In 2014, we asked, “What can a mere rifle do?” in reference to a standoff attack on a Pacific Gas and Electric power substation in Metcalf, California.
The answer, in that case, was to blow the transformers to hell and gone, and bug out. To date, there has been no arrest in the case; at one time, a DHS official suggested it was an inside job. There have been subsequent attacks, despite attempts to upgrade security; indeed, once, criminals cut through a fence and made off with equipment that was on site — for security upgrades.
Now, there’s been a new rifle attack on a station, in rural Utah. It appears to have been less sophisticated and less persistent than the California attack, but more effective — the attacker or attackers blew the station off the grid with as few as three rifle shots.
On Sunday, somebody went to the remote substation located between Kanab and Page, Arizona, and fired at least three rounds with a high-powered rifle into the main transformer, knocking out power to an estimated 13,000 customers in Kanab, Big Water, Orderville, Glendale, Hatch and surrounding towns in Garfield County.
“Just from the looks of it, it looked more criminal than vandalism because they knew exactly where to shoot it and they shot it multiple times in the same spot,” Brown said. “For somebody to know exactly where that substation is and how to hit it exactly like he did, (it) seems like he’d have to have knowledge of that.”
Countermeasures that can be used in cases like this are limited. In California, the power company deployed cameras, but they’re investigative, not preventive, technology; and constructed blinds that block sight of the most vulnerable transformers, but they’re concealment, not cover. In Utah, the power company has asked for tips, and done something even less practical than the Californians:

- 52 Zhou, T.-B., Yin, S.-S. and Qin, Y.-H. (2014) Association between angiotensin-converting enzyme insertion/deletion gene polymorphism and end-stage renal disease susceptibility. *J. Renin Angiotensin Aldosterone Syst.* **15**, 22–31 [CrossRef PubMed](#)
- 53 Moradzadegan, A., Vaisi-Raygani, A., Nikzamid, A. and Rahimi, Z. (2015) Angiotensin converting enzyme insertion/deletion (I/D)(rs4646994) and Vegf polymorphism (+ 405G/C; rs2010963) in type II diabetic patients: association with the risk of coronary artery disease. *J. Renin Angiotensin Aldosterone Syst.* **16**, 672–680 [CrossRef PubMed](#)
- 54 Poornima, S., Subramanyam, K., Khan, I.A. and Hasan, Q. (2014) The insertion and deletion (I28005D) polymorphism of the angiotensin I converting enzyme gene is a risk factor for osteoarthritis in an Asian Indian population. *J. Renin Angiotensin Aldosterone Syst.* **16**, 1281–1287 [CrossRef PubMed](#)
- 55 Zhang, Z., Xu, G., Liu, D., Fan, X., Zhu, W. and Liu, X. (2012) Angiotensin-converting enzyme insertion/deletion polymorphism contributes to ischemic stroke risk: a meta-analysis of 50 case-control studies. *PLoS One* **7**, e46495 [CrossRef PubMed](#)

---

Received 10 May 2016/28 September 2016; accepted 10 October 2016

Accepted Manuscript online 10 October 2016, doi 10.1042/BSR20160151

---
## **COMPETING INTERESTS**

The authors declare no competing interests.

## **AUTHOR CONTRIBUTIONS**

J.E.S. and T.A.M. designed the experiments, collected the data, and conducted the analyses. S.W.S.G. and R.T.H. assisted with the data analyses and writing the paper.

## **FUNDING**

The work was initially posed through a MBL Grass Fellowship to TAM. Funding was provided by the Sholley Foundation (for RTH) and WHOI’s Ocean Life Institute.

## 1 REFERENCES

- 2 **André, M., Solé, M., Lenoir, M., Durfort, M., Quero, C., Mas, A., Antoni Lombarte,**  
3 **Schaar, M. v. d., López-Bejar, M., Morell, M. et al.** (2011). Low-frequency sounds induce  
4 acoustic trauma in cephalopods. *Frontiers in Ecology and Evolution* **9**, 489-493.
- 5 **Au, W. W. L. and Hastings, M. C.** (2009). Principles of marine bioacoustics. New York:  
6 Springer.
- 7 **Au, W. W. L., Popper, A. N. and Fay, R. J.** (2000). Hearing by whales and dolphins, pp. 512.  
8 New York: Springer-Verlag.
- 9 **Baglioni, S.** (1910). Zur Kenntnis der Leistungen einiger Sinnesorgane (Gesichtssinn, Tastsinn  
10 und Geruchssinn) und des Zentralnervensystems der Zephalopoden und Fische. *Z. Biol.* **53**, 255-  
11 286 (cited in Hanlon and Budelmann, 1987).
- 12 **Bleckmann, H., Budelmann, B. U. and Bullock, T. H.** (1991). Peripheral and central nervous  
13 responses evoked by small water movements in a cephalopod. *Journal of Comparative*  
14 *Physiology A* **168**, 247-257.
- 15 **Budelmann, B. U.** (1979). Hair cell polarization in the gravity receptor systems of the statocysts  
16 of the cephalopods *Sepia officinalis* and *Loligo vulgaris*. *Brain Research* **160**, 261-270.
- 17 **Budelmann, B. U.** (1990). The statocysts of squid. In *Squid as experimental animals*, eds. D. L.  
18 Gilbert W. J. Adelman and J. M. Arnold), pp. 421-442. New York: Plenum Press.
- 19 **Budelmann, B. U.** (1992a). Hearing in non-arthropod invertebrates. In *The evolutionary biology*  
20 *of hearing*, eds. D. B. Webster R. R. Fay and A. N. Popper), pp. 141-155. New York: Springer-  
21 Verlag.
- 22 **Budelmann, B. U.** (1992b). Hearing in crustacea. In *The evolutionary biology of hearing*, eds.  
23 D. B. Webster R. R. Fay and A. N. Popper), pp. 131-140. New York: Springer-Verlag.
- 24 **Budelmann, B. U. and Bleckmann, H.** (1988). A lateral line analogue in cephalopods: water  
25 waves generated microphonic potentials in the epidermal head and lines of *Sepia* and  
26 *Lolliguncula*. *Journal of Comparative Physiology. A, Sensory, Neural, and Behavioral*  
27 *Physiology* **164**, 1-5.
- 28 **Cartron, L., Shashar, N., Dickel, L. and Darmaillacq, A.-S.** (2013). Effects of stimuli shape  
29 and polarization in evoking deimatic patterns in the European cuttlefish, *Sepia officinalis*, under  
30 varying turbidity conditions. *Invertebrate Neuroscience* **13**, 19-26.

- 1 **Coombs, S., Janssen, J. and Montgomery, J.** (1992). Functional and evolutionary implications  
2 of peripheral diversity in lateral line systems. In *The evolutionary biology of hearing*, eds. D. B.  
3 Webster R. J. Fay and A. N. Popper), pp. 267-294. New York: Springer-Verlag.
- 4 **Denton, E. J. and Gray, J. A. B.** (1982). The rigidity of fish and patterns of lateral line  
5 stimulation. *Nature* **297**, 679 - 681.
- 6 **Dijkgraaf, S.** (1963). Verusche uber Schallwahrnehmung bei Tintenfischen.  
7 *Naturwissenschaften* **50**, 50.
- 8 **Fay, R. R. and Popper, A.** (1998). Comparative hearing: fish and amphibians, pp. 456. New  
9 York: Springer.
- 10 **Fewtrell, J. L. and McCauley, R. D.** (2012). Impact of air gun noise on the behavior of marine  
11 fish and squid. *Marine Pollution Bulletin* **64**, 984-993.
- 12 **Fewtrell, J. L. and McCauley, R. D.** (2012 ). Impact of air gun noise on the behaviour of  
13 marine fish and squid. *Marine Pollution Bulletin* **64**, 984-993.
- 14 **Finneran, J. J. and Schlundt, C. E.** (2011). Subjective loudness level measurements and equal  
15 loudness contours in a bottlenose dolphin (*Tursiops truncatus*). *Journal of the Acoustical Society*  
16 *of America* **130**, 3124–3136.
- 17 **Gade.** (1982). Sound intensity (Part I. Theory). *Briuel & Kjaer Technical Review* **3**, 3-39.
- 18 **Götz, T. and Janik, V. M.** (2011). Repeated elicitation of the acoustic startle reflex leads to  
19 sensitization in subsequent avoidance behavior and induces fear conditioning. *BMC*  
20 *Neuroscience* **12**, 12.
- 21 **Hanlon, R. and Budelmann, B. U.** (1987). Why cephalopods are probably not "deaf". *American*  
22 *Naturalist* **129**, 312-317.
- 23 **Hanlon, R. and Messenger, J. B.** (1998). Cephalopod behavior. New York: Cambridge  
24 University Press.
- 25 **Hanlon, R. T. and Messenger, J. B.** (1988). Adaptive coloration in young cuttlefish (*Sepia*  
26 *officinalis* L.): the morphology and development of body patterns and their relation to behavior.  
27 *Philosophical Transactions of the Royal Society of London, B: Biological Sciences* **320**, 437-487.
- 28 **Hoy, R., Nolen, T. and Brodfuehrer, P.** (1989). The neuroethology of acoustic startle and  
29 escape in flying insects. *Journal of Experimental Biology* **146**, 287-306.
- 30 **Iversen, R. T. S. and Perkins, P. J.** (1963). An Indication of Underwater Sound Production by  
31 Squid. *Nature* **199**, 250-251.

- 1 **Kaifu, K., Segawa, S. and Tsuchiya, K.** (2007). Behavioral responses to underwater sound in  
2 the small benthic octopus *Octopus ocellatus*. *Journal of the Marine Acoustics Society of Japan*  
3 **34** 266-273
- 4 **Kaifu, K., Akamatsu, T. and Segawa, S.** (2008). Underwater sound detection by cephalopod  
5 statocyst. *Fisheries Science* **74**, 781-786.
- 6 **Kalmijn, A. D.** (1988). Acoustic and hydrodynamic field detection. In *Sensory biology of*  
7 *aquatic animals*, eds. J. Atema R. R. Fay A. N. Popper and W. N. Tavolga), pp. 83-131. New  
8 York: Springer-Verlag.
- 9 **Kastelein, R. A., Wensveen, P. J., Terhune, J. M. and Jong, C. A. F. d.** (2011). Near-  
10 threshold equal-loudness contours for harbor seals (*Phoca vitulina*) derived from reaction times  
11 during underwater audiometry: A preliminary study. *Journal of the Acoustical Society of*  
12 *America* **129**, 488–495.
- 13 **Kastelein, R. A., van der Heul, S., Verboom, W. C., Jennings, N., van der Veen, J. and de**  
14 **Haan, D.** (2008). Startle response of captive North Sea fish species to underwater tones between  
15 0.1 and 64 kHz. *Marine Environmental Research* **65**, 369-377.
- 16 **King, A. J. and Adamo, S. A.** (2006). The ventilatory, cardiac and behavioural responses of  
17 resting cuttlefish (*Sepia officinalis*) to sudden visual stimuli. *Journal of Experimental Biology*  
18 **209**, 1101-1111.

A portable transformer was brought to the substation to restore power. The portable substation is now being monitored by an on-site security guard 24 hours a day.
Exercise for the reader:
- How does a guard protect the site?
- How can you strike the site even with the guard in place?
- How can you get the guard out of place? How can you deny him the response force that would otherwise come when he calls?
- Do you think it’s likely that the guard will be there 24/7/365 x forever? (Hint: me neither)
- What does guarding this site do for the security of every other substation in the grid?
- How many sites can they lose before they run out of portable transformers?
- How many sites can they guard effectively against an intelligent enemy?
As far as the California approach is concerned, well, how long will those screens last when they’re in the way of routine maintenance? And, how much of a deterrent will they be to an actual sniper who can calculate an aiming point if he’s so inclined?
We’ve done the math on transformer production and delivery. (A former contract shop studied this exact problem for a government agency, long before the Metcalf attack). Let’s just say you really, really don’t want someone with some CARVER skills and experience deciding to play silly buggers with your power grid.
And, for the UW theorists among us: this three-shot Sunday attack that caused thousands of homes, businesses and government offices to lose power is most probably an example of:
- Kids acting out;
- An actual enemy’s shakedown run to test feasibility of this approach;
- An actual enemy’s confidence target prepatory to a serious campaign against the grid;
- An actual enemy’s perturbation of the system, to enable him to study the response;
- A follow-up to the 2013 transformer attack by the same guy(s). Serial killer(s) of transformers?
Finally, the problem with “security” is that it comes down to a mall cop sitting night-in night-out at a bank of computer screens. As the Wall Street Journal noted about the 2013 attack on Metcalf station, in an article on the 2015 one:
During last year’s attack, Metcalf’s perimeter alarms were activated as bullets nicked the fence. Workers at a PG&E security center ignored early warning signs of trouble.
Want El Al security? You have to spend El Al money and hire El Al level of people.
Hat to Matt in IL in the comments to an earlier post.